The government sets the poverty line for a family of three at $20,160.
It’s an issue that is almost never raised in the Republican primary campaign.
Texas Senator Ted Cruz has come out against any minimum wage increase.
Ohio Governor John Kasich flirted with a “reasonable” increase in September before changing tack during a debate earlier this month.
“Well, well, wait a minute, first of all, I didn’t say I was for an increase in the federal minimum wage,” he said in response to a question in apparent alarm.
“If states want to do it, they ought to sit down with businesspeople and the lawmakers and figure out what will work.”
Donald Trump said in November that wages were “too high,” which was hurting American competitiveness.
That changed after Republicans began taking President Barack Obama to task over wage stagnation.
Trump corrected himself in December: “Wages in our country are too low.” “This minimum wage increase will be of national significance,” Cuomo, the Democratic governor, told reporters. “It’s raising the minimum wage in a way that’s responsible.”
Cuomo had initially proposed a simpler phase-in: three years in New York City and six years elsewhere. The more gradual, nuanced approach was the result of negotiations with Senate Republicans who worried such a sharp increase would devastate businesses, particularly in the upstate region’s more fragile economy.
Economists have long debated the impact of a higher minimum wage. Some studies have found that higher wages contributed to job cuts, while others found little effect on hiring because employers could absorb the costs or pass them along to customers.
The Congressional Budget Office conducted an analysis in 2014 finding both benefits and trade-offs with an increase. A higher minimum wage would generally raise incomes and lift people above the poverty line, but it also would lead to a wave of job losses for some low-income workers.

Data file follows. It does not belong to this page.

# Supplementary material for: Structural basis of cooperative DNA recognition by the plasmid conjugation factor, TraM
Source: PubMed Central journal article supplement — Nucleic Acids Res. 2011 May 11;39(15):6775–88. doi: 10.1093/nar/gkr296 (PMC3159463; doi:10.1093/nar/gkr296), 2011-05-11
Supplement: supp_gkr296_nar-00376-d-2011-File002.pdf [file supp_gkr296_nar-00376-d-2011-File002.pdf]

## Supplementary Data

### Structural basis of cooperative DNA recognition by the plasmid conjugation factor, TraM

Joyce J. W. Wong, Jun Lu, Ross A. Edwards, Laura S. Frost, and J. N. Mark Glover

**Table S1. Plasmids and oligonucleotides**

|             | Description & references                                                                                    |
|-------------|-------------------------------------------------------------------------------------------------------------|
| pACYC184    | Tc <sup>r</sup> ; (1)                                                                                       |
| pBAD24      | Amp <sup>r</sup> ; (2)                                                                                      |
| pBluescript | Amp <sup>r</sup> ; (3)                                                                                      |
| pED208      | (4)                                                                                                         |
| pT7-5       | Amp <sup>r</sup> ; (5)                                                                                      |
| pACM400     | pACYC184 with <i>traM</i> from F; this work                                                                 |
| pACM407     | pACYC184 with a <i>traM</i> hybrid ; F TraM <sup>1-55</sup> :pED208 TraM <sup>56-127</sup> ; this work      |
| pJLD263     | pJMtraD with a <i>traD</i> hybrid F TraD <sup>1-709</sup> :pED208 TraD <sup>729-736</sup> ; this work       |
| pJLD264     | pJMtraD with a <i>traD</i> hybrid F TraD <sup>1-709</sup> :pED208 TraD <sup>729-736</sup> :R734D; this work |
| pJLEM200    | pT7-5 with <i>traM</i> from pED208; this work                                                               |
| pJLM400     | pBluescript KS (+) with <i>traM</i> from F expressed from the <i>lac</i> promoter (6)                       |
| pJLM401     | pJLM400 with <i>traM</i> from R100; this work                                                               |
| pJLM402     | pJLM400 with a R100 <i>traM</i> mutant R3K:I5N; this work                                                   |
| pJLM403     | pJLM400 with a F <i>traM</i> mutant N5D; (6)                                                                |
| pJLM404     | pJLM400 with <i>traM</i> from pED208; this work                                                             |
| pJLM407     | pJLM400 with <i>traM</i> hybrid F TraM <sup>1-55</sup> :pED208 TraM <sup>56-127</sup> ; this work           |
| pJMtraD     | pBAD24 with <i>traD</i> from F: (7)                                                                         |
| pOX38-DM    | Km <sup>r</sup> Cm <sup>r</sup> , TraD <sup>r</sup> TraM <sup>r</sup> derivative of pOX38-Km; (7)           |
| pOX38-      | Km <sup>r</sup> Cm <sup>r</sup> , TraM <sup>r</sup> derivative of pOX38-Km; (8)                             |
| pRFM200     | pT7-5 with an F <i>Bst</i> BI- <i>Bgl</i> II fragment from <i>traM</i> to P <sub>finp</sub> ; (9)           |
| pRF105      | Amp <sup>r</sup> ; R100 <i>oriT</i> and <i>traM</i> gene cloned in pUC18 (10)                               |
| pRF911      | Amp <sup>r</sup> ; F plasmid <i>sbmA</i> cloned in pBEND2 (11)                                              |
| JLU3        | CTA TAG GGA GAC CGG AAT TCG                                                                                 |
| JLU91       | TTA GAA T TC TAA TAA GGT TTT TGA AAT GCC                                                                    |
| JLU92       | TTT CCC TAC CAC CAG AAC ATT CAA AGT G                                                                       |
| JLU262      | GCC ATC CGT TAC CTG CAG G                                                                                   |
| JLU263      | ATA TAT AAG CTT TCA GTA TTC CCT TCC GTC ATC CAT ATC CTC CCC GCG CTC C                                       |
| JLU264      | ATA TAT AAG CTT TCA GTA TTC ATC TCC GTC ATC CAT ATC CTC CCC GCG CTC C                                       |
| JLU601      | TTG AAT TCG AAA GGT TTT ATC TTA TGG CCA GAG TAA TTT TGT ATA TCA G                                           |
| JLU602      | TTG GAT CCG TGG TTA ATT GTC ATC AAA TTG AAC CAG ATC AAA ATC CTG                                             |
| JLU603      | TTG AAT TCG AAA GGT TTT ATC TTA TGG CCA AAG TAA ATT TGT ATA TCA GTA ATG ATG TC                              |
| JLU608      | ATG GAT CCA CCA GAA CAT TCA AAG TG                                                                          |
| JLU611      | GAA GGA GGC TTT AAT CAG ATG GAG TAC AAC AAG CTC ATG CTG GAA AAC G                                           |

The non-partisan agency examined the prospect of raising the national minimum wage to $10.10 an hour from $7.25. It would raise incomes by a net of $17 billion for families below or relatively close to the poverty line. But it would cost 500,000 jobs, a 0.3 percent decline in total employment.
In California, Brown was previously reluctant to raise the base wage. He negotiated the deal with labor unions to head off competing November ballot initiatives that would have imposed swifter increases without some of the safeguards included in the legislation.
The governor now says California’s fast-growing economy can absorb the raises without the problems predicted by opponents. (Agencies)
About 2.2 million Californians now earn the minimum wage. The University of California, Berkeley, Center for Labor Research and Education projected that pay would rise for 5.6 million Californians by an average of 24 percent. More than a third of the affected workers are parents.
Latinos would benefit most because they hold a disproportionate number of low-wage jobs, the researchers said.
The right-leaning American Action Forum countered with its own projection that the increases would slow the rate of job growth, potentially costing the state nearly 700,000 jobs over the next decade.
The increases are expected to eventually cost California taxpayers an additional $3.6 billion annually for higher government employee pay.
In New York, the tentative deal also includes middle-class state income tax cuts starting in 2018. The cut would apply to New Yorkers with incomes between $40,000 and $300,000 and rates that currently range from 6.45 percent to 6.65 percent starting in 2018. The rates would gradually drop to 5.5 percent by 2025.
Cuomo administration officials estimate the lower tax rates will save more than 4 million filers nearly $6.6 billion in the first four years, with annual savings reaching $4.2 billion by 2025. (Agencies)